Early estimates call for a steeper pull with this week’s report – with Bespoke, for one, looking for a 177 Bcf withdrawal.

“The very notion that traders are unwilling to pay a premium to own gas for delivery in a month when we see net withdrawal of gas from underground storage is a clear bearish fundamental telltale,” said analysts at the Schork Report.

The presidential inauguration of Joseph Biden, projected to be underway by midday Wednesday, was expected to dominate the news in the first half of the week. Analysts said market-moving news was more likely to trickle out over this week and next from Senate  hearings to confirm or rebuff Biden’s cabinet selections as well as his choices to head regulatory agencies.

“The media attention is mostly focused on the inauguration, but the confirmation hearings for Biden’s cabinet is where the real action is,” said Stifel Financial Group’s Brian Gardner, chief Washington policy strategist.

On the pandemic front, the United States on Tuesday eclipsed 400,000 reported deaths tied to the novel coronavirus, reflecting an acceleration of the disease’s spread this winter, according to the Covid-19 Tracking Project.

Biden has said he would prioritize more widespread vaccination efforts in his first 100 days, though he also has cautioned that the virus is likely to be widespread the remainder of winter.

Cash Prices

Spot gas prices sunk across the Lower 48 as mild weather settled in and was expected to hang around for at least a couple days, diminishing heating demand.

Demand “will be light across much of the U.S. this week with the exception being the Great Lakes and interior Northeast as a frigid cold shot over southern Canada” delivers a glancing blow “with chilly highs of 20s and 30s,” NatGasWeather said. “But with much of the rest of the U.S. experiencing highs of 40s to 70s, demand just won’t be strong by late January standards.”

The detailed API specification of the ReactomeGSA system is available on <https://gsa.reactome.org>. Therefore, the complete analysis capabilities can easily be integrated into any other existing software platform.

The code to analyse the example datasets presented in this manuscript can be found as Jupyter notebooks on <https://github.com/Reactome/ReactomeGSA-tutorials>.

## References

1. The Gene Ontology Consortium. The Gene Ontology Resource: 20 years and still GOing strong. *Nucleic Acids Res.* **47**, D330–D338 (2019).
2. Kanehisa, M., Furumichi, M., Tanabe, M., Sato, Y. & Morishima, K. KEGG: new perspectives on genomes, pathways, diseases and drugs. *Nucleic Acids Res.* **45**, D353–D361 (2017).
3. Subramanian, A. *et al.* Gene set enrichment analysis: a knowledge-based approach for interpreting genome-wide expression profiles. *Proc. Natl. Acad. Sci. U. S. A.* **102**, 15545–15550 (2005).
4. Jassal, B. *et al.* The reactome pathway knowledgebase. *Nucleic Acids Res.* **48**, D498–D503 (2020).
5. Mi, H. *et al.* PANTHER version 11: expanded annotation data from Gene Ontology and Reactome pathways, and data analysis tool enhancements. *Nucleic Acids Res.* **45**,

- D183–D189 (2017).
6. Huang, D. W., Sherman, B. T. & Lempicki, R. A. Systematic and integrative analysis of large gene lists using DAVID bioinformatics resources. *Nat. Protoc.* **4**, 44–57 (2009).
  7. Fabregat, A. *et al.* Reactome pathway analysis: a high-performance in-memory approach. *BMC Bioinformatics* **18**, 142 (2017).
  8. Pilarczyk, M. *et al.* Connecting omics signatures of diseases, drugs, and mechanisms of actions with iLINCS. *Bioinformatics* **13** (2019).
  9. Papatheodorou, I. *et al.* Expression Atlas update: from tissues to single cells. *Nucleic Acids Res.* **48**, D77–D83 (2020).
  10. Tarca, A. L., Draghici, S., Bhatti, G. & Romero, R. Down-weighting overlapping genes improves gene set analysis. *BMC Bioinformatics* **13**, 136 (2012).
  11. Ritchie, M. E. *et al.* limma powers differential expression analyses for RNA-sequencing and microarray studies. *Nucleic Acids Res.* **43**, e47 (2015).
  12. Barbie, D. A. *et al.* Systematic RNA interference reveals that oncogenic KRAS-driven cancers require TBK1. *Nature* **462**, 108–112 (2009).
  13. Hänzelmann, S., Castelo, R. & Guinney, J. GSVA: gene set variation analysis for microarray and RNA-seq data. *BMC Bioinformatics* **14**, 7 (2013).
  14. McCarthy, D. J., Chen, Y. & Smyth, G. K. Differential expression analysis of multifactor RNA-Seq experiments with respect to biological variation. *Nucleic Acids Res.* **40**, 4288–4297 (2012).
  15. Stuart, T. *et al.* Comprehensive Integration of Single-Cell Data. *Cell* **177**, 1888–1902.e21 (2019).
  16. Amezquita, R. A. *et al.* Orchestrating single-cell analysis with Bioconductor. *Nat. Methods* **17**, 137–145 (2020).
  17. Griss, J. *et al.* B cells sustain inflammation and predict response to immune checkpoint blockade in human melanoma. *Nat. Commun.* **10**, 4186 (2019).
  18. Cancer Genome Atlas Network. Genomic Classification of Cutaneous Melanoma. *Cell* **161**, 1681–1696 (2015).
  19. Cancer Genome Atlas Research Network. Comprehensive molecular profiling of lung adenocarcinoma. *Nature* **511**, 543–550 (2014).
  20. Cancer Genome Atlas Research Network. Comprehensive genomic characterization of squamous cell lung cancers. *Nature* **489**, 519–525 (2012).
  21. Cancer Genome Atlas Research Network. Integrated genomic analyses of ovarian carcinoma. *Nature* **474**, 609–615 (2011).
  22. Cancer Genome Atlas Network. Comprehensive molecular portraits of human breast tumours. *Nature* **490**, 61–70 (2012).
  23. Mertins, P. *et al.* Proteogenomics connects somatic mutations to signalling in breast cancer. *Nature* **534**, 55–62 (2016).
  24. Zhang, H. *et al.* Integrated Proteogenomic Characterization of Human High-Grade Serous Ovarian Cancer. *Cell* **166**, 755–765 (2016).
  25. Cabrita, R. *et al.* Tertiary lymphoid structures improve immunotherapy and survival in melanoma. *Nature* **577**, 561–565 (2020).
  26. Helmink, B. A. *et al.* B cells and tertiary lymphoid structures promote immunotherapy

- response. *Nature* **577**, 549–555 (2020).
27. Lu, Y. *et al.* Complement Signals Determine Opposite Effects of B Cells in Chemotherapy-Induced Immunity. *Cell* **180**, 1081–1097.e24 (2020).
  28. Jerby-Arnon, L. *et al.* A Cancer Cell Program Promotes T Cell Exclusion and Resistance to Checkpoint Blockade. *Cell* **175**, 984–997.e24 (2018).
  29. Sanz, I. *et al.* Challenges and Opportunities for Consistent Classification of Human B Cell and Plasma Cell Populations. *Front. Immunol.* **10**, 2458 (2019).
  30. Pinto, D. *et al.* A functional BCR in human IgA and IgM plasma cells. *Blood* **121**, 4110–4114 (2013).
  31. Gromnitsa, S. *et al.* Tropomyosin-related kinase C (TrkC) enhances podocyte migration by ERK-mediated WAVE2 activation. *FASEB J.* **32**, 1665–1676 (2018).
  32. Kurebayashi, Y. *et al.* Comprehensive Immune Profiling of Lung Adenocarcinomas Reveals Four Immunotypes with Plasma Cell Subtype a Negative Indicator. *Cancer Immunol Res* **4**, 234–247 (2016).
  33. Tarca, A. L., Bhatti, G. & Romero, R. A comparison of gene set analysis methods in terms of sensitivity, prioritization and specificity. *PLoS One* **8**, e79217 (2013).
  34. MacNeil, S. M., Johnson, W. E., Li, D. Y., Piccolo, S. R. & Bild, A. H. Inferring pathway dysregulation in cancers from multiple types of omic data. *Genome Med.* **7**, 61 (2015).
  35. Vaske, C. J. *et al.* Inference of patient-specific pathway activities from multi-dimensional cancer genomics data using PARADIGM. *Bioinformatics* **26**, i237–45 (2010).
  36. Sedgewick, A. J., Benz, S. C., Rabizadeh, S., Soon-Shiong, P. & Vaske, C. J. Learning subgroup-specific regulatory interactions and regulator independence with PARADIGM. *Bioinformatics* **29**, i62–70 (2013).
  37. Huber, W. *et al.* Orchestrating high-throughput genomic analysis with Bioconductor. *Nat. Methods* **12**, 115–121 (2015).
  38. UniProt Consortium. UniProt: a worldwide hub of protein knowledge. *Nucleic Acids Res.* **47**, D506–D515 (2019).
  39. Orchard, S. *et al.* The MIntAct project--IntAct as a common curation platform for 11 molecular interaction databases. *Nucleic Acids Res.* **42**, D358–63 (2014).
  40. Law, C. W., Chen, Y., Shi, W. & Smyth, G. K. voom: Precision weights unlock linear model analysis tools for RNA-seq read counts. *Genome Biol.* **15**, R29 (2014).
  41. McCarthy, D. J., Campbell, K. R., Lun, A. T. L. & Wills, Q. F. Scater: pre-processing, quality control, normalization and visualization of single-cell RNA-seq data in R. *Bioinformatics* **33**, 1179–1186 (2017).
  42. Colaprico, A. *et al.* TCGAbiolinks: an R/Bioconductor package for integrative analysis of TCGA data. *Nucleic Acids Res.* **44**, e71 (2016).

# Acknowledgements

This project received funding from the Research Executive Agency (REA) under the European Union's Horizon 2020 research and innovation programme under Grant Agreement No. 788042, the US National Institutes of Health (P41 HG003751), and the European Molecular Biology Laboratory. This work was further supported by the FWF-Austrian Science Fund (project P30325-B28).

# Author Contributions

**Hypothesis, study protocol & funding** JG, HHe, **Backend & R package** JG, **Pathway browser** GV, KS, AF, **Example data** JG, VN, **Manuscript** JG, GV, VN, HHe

Conditions later in the week, however, could drive stronger heating needs.

“Frigid air will push into the West and northern Plains late this week,” notably including the potential for lows in the 30s in Southern California, NatGasWeather said. “A shot of this subfreezing air will release across the Midwest and Northeast this weekend, with lows of zeroes to 20s for a swing to strong national demand.”

Prices Tuesday reflected the soft demand to start the week, with double-digit declines in every region.

In the Midwest, where temperatures were above normal Tuesday and predicted to rise into Wednesday, Chicago Citygate shed 20.0 cents day/day to average $2.450, while Dawn dropped 19.5 cents to $2.450

In Texas, where temperatures were also comfortable, El Paso Permian lost 16.0 cents to $2.415 and Waha fell 15.5 cents to $2.405.In the Northeast, where prices have proven volatile in recent weeks, Algonquin Citygate dropped 91.0 cents to $4.295, while out West, Kern Delivery fell 16.5 cents to $2.740.